Even after six months of horrifying news from Myanmar, it is an incident that’s shocked the country – five people who chose to jump from a building they were hiding in, some to their deaths, rather than face arrest.
The police have condemned the group as terrorists, but the husband of one victim tells the BBC she was a compassionate wife and mother who felt she was working to alleviate the people’s suffering.
This is the tale of her untimely death.
It was on Tuesday afternoon that eight young activists found themselves trapped by a police raid.
The military had seized power months earlier in February, throwing the country into turmoil as millions protested against the coup.
At least 900 people have been killed by the military’s violent response, and thousands more arrested.
Wai Wai Myint was one of those caught up in the movement opposing the military junta.
She was one of the five who jumped off a commercial building in downtown Yangon as the police charged in, falling onto a concrete pavement. She and at least one other person died at the scene.
The other three have been taken to a military-run hospital.
In the first photograph of Wai Wai Myint that began circulating on social media after news of her death, she stands ramrod straight, looking defiantly at the camera. Her fingers are raised in the three-finger Hunger Games salute that has become the trademark gesture used by young dissidents in South East Asia.
The three-finger salute has been used widely as a symbol of resistance
The military authorities have described the group she was with as terrorists who were planning to plant bombs.
They have published confessions by two of the activists who did not jump and were arrested there, and photographs of what they say were ingredients for explosives.
But that is not the image painted by her husband, Soe Myat Thu.
He had to say goodbye to Apple, as he calls her, at a military-organised mass cremation for her and four other people, including the young man who died with her when they jumped.
No photographs were allowed, and the families were not permitted to take away the ashes.
The military junta in Myanmar has been trying to restrict the funerals of those killed in the uprising against the coup, as they often turn into anti-military demonstrations – sometimes cremating bodies in secret rather than returning them to their relatives.
Soe Myat Thu held up a flower for her, and took that back home in place of her remains.
The move towards politics
They were a comfortably middle-class couple, both ethnic Chinese, with a six year-old daughter. Soe Myat Thu is a dentist, and Wai Wai Myint was a gems and jewellery trader.
She had been brought up by two aunts, he told the BBC, and always had plenty of money to enjoy life.
Photographs of her show a well made-up young woman posing in stylish clothes.
She liked going out clubbing with girlfriends, he says, but had a strong social conscience, regularly donating money to poorer neighbours or to animal welfare groups.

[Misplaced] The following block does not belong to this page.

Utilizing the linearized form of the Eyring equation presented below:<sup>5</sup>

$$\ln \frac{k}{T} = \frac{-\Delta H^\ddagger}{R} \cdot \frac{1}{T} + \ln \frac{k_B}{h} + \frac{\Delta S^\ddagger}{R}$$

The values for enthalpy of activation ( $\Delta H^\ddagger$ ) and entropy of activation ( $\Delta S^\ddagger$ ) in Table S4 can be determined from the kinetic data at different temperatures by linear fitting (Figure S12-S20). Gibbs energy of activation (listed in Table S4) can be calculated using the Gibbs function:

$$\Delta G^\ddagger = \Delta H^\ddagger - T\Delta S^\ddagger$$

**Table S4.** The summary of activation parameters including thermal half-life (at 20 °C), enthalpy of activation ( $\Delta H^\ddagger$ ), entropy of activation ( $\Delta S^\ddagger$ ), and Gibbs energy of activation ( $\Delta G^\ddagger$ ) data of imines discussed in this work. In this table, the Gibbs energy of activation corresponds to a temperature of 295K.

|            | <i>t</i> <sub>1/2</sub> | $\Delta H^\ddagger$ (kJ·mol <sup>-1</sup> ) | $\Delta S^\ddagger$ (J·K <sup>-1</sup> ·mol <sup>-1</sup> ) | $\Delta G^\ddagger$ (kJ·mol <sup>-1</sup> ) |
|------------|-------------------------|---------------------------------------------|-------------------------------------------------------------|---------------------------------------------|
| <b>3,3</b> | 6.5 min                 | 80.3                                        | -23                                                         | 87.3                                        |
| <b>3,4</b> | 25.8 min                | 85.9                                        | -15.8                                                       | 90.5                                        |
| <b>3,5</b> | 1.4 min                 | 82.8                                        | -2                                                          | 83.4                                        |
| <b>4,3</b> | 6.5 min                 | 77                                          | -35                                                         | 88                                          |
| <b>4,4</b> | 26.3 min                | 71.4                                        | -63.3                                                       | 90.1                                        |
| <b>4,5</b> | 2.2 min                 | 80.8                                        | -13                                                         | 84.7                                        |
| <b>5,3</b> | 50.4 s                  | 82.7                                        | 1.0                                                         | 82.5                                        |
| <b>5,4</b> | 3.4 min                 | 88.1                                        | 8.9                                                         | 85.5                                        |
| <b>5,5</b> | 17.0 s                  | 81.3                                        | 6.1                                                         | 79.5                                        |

He said the couple had not been interested in politics at all, with Wai Wai Myint even saying that they should stay away because it could be dangerous.
When the coup happened, she did not react much at first.
But she was kind-hearted, he says, and became upset when the first protester to die, a young woman called Mya Thwe Thwe Khaing, was fatally shot in the capital Nyapyitaw a week after the coup. Her death was widely mourned and triggered further anger against authorities.
Wai Wai Myint donated money to Mya Thwe Thwe Khaing’s family, and began posting on her Facebook page about other victims of the increasingly violent military response to the civil disobedience movement.
He said the couple both knew they could not change things themselves, but when she saw people being shot by the military she became more outspoken in her comments. He describes her as a bold character who was more ready to take risks than he was.
Mya Thwe Thwe Khaing’s image became a defining one of the protests
Soe Myat Thu says she was arrested once during a protest, and he had to negotiate to get her out of custody.
She was very angry about that, he remembers, because of the way she had been kicked and beaten.
He had then warned her not to go to any more protests, reminding her that she had a daughter to care for.
After that, he believed that his wife was no longer involved with the opposition. It has evolved from a non-violent protest movement in the weeks after the coup to an underground resistance which today uses handmade guns and bombs, and is even said to occasionally assassinate officials who co-operate with the military.
He says he knew the other activists who were caught with Wai Wai Myint, in the building where they were staying on 44th Street in downtown Yangon, not far from their home.
They were all members of the Pzundaung Botahtaung Young Strike Committee, one of many groups formed in Yangon in the first days after the coup to resist it.
She used to hang out with them, he says, and sometimes brought them to their house to eat and use their internet.
“I admired and felt sorry for them as they were prepared to go out and face danger when I would not,” he said.
But he had no idea she was going to join them in their hideout on Tuesday; she had only told him that she was going out for a little while, and left the house without changing her clothes and putting on make-up, as she usually did.
It is not clear what Wai Wai Myint’s role was in the group, or whether she was even a member. It was possible that she was only paying the rent and offering other kinds of material support.
Activists opposing the coup in Myanmar have to keep moving from place to place to avoid arrest.
Soe Myint Thu believes it was what she felt about the suffering of the people, and her determination not to accept the military junta, that eventually drove her to her fate.